Gracie [Gregory] was one of 25 children who took part in the first-of-its-kind study at Duke University in Durham, North Carolina. The goal: to see whether a transfusion of their own umbilical cord blood containing rare stem cells could help treat their autism.
The results were impressive: More than two-thirds of the children showed reported improvements. A larger second trial is underway, one its researchers hope will lead to long-term treatment for children with autism.
Skeptics say there are too many unanswered questions to get excited. Even Duke researchers acknowledge as much. The initial trial, published…in the journal Stem Cells Translational Medicine, was a safety study, not a controlled, double-blind study with definitive proof of positive results.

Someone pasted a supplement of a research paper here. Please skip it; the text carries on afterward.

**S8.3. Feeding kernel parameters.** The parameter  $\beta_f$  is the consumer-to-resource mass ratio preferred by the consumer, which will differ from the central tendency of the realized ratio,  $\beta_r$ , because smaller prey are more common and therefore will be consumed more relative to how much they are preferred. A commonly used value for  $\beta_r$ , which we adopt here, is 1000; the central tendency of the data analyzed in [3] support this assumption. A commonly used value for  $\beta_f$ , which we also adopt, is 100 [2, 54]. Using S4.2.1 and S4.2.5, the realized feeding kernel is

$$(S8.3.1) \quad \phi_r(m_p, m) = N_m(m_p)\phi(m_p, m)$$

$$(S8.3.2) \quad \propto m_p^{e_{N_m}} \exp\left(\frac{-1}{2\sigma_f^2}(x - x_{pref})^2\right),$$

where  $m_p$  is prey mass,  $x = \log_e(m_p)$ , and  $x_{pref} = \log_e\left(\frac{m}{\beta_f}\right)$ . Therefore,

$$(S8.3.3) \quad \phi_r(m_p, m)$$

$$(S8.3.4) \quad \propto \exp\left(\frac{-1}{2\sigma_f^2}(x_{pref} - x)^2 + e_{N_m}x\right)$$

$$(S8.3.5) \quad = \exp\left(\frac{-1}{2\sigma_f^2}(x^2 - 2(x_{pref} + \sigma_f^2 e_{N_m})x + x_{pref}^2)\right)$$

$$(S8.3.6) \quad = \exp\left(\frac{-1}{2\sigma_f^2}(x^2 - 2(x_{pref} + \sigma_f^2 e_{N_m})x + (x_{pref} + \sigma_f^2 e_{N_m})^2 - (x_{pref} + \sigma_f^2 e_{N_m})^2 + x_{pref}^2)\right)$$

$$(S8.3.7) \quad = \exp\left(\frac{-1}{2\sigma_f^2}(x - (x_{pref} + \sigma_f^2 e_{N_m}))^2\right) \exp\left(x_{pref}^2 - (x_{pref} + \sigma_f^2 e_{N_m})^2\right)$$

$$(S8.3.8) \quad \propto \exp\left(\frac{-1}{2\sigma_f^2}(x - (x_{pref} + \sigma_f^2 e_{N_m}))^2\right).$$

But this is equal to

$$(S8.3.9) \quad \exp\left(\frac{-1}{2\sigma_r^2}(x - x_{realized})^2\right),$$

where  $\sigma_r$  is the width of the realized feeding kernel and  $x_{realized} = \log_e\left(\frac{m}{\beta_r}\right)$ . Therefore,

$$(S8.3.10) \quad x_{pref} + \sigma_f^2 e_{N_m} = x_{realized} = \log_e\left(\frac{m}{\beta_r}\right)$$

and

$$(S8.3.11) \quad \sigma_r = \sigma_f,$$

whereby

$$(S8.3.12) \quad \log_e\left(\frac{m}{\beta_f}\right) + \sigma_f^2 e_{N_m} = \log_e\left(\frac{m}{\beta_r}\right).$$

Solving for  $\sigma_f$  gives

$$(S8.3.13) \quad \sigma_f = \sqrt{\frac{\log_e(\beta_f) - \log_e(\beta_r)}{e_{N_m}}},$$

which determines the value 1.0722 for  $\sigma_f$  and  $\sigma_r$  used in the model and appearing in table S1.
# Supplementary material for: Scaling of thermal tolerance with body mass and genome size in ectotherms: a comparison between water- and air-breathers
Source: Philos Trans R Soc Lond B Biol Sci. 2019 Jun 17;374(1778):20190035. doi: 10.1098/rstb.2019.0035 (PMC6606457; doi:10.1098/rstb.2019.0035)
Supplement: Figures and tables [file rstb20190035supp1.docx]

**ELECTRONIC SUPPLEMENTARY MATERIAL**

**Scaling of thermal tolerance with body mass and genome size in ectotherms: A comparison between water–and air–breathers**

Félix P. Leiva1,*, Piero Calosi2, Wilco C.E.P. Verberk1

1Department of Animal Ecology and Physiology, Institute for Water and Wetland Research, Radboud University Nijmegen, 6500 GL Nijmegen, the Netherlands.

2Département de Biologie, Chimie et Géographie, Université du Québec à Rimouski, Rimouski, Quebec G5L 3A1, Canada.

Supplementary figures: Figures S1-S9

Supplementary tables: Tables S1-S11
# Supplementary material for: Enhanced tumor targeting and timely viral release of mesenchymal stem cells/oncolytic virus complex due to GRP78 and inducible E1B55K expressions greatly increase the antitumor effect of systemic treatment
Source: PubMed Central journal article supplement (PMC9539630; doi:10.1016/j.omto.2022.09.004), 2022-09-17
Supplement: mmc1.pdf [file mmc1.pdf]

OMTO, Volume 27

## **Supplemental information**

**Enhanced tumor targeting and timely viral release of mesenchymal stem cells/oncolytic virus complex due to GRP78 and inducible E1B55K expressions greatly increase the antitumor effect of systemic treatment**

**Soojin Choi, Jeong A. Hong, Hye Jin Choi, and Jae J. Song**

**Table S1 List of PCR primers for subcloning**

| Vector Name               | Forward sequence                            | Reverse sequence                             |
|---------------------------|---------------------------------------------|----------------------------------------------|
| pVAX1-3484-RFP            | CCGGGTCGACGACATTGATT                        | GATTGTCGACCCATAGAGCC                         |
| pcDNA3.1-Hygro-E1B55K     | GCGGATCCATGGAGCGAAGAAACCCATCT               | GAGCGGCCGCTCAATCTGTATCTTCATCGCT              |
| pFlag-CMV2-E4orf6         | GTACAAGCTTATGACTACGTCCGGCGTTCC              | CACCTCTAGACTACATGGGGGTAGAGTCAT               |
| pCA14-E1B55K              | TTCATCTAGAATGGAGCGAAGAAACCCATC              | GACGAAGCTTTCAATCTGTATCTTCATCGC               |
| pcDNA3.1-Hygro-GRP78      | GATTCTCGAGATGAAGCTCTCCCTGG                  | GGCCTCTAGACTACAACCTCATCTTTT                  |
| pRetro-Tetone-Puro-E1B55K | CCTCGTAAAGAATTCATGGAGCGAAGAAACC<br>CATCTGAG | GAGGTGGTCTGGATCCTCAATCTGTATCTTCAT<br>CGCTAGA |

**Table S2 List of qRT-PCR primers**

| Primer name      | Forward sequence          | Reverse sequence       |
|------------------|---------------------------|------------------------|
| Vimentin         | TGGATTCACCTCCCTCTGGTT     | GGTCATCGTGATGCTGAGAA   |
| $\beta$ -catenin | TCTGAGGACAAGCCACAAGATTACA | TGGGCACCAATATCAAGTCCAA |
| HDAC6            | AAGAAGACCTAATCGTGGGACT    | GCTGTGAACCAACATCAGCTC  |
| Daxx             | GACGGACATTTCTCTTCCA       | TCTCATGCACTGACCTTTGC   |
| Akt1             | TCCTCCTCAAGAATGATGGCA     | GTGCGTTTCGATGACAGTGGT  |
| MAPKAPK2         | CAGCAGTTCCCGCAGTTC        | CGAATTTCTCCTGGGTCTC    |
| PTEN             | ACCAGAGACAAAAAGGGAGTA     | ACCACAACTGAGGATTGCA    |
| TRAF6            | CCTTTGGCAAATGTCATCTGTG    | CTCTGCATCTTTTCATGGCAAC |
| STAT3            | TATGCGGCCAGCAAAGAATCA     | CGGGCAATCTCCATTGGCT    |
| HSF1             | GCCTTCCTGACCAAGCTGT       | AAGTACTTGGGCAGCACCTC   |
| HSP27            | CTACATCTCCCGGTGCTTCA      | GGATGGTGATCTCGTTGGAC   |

[Joanne Kurtzberg who heads the Robertson Clinical and Translational Cell Therapy Program] has a hypothesis about what may be happening: that certain immune cells within the cord blood are crossing the blood-brain barrier and altering brain connectivity while also suppressing inflammation, which may exist with autism.
Thomas Frazier II, chief scientific officer of the advocacy group Autism Speaks, said the results of the initial study were encouraging but that more work needs to be done before the public gets excited. “It’s too early to get hopeful. Too early to change behavior,” he said. “I hope people don’t go out and spend money on banking cord blood as a result [of this trial].”
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